Digital ID verification increasingly targeted by AI deepfakes, advisory warns
While digital ID verification is gaining global momentum, it is also attracting new threats in the form of advanced deepfake software found on the dark web, writes cyber-intelligence firm Gemini Advisory.
Deepfakes are nothing new. Yet their demand is now on the rise as banks and other financial services are progressively relying on digital ID verification through selfies and videos to secure their automated services. The emergence of new deepfake technologies represents a vital threat to banks, cryptocurrency exchanges, and other businesses that are increasingly using image and video authentication to comply with KYC and AML regulations.
Gemini Advisory has been tracking deepfake services offered on the deep web to assess their supply and demand. Various listings found on online forums appear to be catering to a growing client base that seeks to defraud digital accounts by faking a users’ facial features with face-change technology to spoof biometric systems. These services also seem to be relatively affordable, with some videos being priced between $10 to $30 per minute. Aside from the deepfakes themselves, sellers also offer tutorials on how to circumvent a compromised account’s security measures.
While most of these illicit technology services were long rendered through basic solutions such as Adobe Photoshop’s Face Swap, more advanced applications have emerged and entered the market. This new generation of deepfake software uses AI, neural networks, and machine learning to create sophisticated image and video forgeries.
Among the two most widely discussed deepfake services are DeepFaceLab and Avatarify. Aside from their performance, these new solutions also promise to be easy-to-use. Furthermore, the open-source nature of the programs also allows developers to continue to improve the software to make deepfake detection more difficult.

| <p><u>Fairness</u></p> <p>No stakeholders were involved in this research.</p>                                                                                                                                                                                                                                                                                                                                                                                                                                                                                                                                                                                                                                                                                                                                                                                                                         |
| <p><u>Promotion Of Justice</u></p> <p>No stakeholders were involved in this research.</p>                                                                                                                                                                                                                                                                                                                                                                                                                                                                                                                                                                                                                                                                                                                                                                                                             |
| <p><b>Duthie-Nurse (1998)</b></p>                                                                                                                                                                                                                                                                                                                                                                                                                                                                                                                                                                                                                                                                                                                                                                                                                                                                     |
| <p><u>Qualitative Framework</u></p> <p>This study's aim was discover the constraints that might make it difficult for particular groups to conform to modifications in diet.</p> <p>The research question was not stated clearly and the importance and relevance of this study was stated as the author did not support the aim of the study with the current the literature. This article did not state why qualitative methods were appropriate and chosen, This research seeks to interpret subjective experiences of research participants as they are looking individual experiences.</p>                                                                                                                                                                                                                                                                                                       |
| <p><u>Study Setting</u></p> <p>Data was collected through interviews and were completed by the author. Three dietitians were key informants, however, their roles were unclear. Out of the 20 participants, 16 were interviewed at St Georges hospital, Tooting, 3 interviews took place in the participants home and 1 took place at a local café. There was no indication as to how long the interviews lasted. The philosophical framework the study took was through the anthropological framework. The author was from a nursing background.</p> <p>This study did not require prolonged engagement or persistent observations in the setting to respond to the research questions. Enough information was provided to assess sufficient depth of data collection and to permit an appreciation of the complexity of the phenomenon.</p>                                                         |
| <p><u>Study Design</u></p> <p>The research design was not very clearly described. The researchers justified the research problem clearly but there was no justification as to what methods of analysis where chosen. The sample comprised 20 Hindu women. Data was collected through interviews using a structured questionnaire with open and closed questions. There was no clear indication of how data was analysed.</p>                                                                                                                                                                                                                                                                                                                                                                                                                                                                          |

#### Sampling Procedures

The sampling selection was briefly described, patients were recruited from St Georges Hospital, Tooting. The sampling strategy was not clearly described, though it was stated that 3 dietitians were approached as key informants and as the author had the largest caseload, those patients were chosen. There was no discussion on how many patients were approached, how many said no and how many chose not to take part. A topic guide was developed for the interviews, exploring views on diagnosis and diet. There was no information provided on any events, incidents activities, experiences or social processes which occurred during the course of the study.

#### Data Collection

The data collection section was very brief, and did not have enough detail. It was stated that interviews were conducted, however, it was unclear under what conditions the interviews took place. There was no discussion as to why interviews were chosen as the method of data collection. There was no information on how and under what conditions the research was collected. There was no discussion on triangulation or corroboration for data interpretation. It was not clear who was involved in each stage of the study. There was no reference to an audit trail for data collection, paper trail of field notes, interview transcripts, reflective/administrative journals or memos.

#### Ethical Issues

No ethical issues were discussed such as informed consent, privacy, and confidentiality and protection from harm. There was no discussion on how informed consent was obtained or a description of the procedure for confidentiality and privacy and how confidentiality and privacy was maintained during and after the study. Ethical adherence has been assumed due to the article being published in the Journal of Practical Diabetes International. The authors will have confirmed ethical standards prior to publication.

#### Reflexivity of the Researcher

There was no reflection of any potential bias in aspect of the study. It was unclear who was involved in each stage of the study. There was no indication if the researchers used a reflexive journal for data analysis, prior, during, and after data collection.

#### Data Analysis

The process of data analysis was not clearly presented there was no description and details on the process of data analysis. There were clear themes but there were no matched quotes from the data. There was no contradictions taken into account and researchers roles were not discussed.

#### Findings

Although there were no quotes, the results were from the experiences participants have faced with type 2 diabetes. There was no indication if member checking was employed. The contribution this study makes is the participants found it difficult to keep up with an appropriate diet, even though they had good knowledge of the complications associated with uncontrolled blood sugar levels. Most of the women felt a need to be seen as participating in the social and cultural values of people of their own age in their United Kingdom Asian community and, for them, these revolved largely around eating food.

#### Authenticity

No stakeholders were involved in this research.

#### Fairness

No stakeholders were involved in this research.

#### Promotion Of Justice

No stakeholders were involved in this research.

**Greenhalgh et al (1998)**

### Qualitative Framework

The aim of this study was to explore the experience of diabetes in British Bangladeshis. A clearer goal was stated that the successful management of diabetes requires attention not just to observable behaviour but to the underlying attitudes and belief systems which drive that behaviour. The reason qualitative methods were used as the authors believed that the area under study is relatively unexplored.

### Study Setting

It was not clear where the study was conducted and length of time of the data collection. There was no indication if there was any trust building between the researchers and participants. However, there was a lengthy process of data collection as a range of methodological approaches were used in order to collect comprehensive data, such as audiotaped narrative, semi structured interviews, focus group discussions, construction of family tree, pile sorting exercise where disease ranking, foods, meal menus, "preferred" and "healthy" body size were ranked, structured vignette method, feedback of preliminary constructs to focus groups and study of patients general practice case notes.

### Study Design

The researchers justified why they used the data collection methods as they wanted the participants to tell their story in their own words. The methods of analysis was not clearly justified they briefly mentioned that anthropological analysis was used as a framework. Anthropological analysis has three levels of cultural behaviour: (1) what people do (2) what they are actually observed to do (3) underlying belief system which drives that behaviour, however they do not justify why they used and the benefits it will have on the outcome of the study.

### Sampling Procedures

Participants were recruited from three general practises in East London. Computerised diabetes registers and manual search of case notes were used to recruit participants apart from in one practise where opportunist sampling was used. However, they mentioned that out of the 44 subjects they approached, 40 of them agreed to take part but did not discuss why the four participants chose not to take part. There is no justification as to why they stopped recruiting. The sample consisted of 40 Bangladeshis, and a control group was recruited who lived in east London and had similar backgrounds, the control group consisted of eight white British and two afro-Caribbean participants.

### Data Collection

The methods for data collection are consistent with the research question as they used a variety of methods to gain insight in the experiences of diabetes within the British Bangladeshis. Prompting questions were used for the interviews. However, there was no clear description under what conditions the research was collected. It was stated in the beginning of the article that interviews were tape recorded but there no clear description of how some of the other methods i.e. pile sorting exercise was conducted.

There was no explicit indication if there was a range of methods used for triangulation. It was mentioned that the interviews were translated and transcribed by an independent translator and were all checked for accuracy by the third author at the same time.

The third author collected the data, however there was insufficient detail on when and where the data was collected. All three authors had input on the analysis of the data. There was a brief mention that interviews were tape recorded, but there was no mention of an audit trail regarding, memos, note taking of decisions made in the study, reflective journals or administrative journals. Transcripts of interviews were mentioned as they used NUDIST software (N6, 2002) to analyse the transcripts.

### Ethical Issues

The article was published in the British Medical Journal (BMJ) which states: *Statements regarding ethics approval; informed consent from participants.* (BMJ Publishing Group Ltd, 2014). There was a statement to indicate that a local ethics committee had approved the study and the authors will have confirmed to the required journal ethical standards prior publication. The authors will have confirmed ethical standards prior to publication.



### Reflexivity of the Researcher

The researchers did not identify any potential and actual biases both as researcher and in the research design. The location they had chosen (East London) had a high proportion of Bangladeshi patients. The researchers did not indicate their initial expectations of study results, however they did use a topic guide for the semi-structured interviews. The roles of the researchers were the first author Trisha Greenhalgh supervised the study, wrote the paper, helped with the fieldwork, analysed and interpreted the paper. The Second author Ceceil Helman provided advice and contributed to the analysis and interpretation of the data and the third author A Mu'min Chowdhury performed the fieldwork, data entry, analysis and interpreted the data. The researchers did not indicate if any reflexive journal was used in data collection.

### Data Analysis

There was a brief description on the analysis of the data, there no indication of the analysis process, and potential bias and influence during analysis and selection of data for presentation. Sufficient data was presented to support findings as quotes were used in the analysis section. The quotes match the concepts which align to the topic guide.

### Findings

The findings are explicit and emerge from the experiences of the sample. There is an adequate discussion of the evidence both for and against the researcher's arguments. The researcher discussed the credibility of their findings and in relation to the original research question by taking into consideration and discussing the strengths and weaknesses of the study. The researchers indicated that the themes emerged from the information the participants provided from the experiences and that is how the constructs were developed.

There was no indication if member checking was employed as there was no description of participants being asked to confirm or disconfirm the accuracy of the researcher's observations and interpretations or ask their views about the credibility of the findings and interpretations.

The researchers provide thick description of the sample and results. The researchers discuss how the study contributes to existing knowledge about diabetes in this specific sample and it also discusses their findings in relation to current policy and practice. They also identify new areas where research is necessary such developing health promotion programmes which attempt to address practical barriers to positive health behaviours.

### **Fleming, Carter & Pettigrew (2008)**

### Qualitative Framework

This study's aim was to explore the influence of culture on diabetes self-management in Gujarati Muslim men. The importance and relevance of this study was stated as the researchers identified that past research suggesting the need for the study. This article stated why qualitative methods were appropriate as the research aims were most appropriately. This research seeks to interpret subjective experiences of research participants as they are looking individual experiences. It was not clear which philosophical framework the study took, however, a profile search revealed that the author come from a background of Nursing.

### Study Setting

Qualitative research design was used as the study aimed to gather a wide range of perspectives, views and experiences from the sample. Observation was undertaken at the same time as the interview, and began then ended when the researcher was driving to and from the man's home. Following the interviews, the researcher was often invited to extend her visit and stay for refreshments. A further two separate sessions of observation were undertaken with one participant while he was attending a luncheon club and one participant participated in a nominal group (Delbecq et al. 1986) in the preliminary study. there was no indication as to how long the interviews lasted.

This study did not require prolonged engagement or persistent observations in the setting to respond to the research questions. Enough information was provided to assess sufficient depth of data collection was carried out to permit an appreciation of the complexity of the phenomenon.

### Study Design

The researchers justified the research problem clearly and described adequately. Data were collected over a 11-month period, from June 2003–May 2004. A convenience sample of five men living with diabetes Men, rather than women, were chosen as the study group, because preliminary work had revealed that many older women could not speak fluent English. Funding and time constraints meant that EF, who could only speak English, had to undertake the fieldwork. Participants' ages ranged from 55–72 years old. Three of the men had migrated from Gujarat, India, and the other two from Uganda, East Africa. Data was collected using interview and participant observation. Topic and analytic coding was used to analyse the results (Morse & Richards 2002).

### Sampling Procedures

According to Gemini, current deepfake detection software solutions are lagging behind these threats. In contrast to the rapidly evolving deepfakes, most current detection programs only perform at 65.18 percent precision. The lack of sufficient options and the growing threat of deepfakes will therefore likely spur the development of stronger software in the near future. One such program, Microsoft Video Authenticator could be the answer. The program, launched in September 2020, promises higher performance and sophistication in detecting image and video manipulations.
Biometrics providers have been applying lessons from the development of liveness detection technologies to thwarting deepfakes.
Deepfakes and manipulated chatbots face public backlash in South Korea
The South Korean public is pushing back against deepfake technology amid a series of recent controversies. Two prominent reasons for this outcry are the emergence of deepfake pornography and malfunctioning chatbots, writes DW.
Now, the situation has escalated to force intervention by the president. An online petition reading “Please strongly punish the illegal deepfake [images] that cause female celebrities to suffer” garnered more than 375,000 signatures. The campaign is urging the Korean government to act and to stop deepfake pornography that transplants celebrities into explicit images and videos.
In a similar development, Korean company Scatter Lab faced public criticism after its chatbot Lee Luda began to send insults and explicit messages. The AI-powered chatbot, which was originally envisioned to engage Facebook Messenger users, began to malfunction after some users hijacked and taught it insults and homophobic remarks.
As a result, Scatter Lab issued an apology and Lee Luda was taken offline after a mere 19 days. The company’s CEO Kim Jong-Yoon stated that more work is needed to teach Luda how to appropriately communicate. Yet, pornography and inappropriate language are not the only points of contention surrounding deepfake and AI technology in Korea.
Critics also questioned the ethics of bringing back deceased celebrities using holograms and AI. “Technology is both a blessing and a challenge in every society, so I think that is also the case here in Korea. Part of the challenge is related to the ethics that are involved in the digital transformation of our society,” said Dr. Park Saing-in, an economist working at Seoul National University.
DW reports that Korea recently outlawed deepfake videos, making the crime punishable with up to five years imprisonment and hefty fines.